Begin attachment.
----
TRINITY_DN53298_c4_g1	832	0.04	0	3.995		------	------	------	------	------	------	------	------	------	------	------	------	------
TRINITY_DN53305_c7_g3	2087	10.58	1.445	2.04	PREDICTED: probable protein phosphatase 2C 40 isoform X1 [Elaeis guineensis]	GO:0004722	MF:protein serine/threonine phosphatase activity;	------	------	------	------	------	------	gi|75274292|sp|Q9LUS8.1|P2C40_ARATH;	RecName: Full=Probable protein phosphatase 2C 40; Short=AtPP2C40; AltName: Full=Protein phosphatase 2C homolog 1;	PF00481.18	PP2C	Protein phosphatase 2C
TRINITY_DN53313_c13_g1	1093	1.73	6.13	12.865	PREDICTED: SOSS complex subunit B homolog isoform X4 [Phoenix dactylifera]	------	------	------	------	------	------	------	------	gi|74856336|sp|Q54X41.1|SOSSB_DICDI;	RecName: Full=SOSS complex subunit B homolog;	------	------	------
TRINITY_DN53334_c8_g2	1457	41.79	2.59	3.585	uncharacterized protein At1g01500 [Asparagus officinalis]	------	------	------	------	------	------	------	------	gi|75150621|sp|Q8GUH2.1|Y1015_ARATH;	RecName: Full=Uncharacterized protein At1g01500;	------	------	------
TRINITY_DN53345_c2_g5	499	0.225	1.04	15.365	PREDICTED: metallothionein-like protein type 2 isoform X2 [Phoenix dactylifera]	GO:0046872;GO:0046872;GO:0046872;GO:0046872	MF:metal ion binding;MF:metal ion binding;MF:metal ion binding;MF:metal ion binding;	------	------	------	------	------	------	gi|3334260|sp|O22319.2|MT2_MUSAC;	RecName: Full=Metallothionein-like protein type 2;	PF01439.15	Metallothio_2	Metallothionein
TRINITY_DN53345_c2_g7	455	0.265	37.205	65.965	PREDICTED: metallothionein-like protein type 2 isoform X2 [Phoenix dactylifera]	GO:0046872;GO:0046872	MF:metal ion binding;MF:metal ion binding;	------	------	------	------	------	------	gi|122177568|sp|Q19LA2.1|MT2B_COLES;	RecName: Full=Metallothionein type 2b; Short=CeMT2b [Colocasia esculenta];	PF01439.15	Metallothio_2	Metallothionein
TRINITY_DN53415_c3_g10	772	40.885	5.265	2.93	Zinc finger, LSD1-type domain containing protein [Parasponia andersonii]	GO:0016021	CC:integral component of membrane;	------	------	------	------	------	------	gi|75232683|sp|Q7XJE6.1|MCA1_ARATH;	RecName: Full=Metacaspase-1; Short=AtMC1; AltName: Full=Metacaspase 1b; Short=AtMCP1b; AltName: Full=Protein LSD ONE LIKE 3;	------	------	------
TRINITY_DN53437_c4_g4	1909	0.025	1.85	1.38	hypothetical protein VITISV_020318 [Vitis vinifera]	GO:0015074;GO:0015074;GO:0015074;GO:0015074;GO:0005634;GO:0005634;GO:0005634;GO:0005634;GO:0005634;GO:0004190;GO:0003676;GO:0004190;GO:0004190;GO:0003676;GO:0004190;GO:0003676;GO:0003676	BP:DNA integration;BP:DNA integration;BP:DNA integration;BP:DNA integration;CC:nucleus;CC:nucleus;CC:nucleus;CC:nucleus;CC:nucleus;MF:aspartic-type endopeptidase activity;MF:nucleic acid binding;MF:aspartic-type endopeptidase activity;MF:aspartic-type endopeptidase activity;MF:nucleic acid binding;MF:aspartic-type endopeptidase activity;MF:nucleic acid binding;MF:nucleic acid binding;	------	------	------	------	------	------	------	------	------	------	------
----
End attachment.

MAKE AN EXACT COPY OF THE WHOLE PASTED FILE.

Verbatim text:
TRINITY_DN53298_c4_g1	832	0.04	0	3.995		------	------	------	------	------	------	------	------	------	------	------	------	------
TRINITY_DN53305_c7_g3	2087	10.58	1.445	2.04	PREDICTED: probable protein phosphatase 2C 40 isoform X1 [Elaeis guineensis]	GO:0004722	MF:protein serine/threonine phosphatase activity;	------	------	------	------	------	------	gi|75274292|sp|Q9LUS8.1|P2C40_ARATH;	RecName: Full=Probable protein phosphatase 2C 40; Short=AtPP2C40; AltName: Full=Protein phosphatase 2C homolog 1;	PF00481.18	PP2C	Protein phosphatase 2C
TRINITY_DN53313_c13_g1	1093	1.73	6.13	12.865	PREDICTED: SOSS complex subunit B homolog isoform X4 [Phoenix dactylifera]	------	------	------	------	------	------	------	------	gi|74856336|sp|Q54X41.1|SOSSB_DICDI;	RecName: Full=SOSS complex subunit B homolog;	------	------	------
TRINITY_DN53334_c8_g2	1457	41.79	2.59	3.585	uncharacterized protein At1g01500 [Asparagus officinalis]	------	------	------	------	------	------	------	------	gi|75150621|sp|Q8GUH2.1|Y1015_ARATH;	RecName: Full=Uncharacterized protein At1g01500;	------	------	------
TRINITY_DN53345_c2_g5	499	0.225	1.04	15.365	PREDICTED: metallothionein-like protein type 2 isoform X2 [Phoenix dactylifera]	GO:0046872;GO:0046872;GO:0046872;GO:0046872	MF:metal ion binding;MF:metal ion binding;MF:metal ion binding;MF:metal ion binding;	------	------	------	------	------	------	gi|3334260|sp|O22319.2|MT2_MUSAC;	RecName: Full=Metallothionein-like protein type 2;	PF01439.15	Metallothio_2	Metallothionein
TRINITY_DN53345_c2_g7	455	0.265	37.205	65.965	PREDICTED: metallothionein-like protein type 2 isoform X2 [Phoenix dactylifera]	GO:0046872;GO:0046872	MF:metal ion binding;MF:metal ion binding;	------	------	------	------	------	------	gi|122177568|sp|Q19LA2.1|MT2B_COLES;	RecName: Full=Metallothionein type 2b; Short=CeMT2b [Colocasia esculenta];	PF01439.15	Metallothio_2	Metallothionein
TRINITY_DN53415_c3_g10	772	40.885	5.265	2.93	Zinc finger, LSD1-type domain containing protein [Parasponia andersonii]	GO:0016021	CC:integral component of membrane;	------	------	------	------	------	------	gi|75232683|sp|Q7XJE6.1|MCA1_ARATH;	RecName: Full=Metacaspase-1; Short=AtMC1; AltName: Full=Metacaspase 1b; Short=AtMCP1b; AltName: Full=Protein LSD ONE LIKE 3;	------	------	------
TRINITY_DN53437_c4_g4	1909	0.025	1.85	1.38	hypothetical protein VITISV_020318 [Vitis vinifera]	GO:0015074;GO:0015074;GO:0015074;GO:0015074;GO:0005634;GO:0005634;GO:0005634;GO:0005634;GO:0005634;GO:0004190;GO:0003676;GO:0004190;GO:0004190;GO:0003676;GO:0004190;GO:0003676;GO:0003676	BP:DNA integration;BP:DNA integration;BP:DNA integration;BP:DNA integration;CC:nucleus;CC:nucleus;CC:nucleus;CC:nucleus;CC:nucleus;MF:aspartic-type endopeptidase activity;MF:nucleic acid binding;MF:aspartic-type endopeptidase activity;MF:aspartic-type endopeptidase activity;MF:nucleic acid binding;MF:aspartic-type endopeptidase activity;MF:nucleic acid binding;MF:nucleic acid binding;	------	------	------	------	------	------	------	------	------	------	------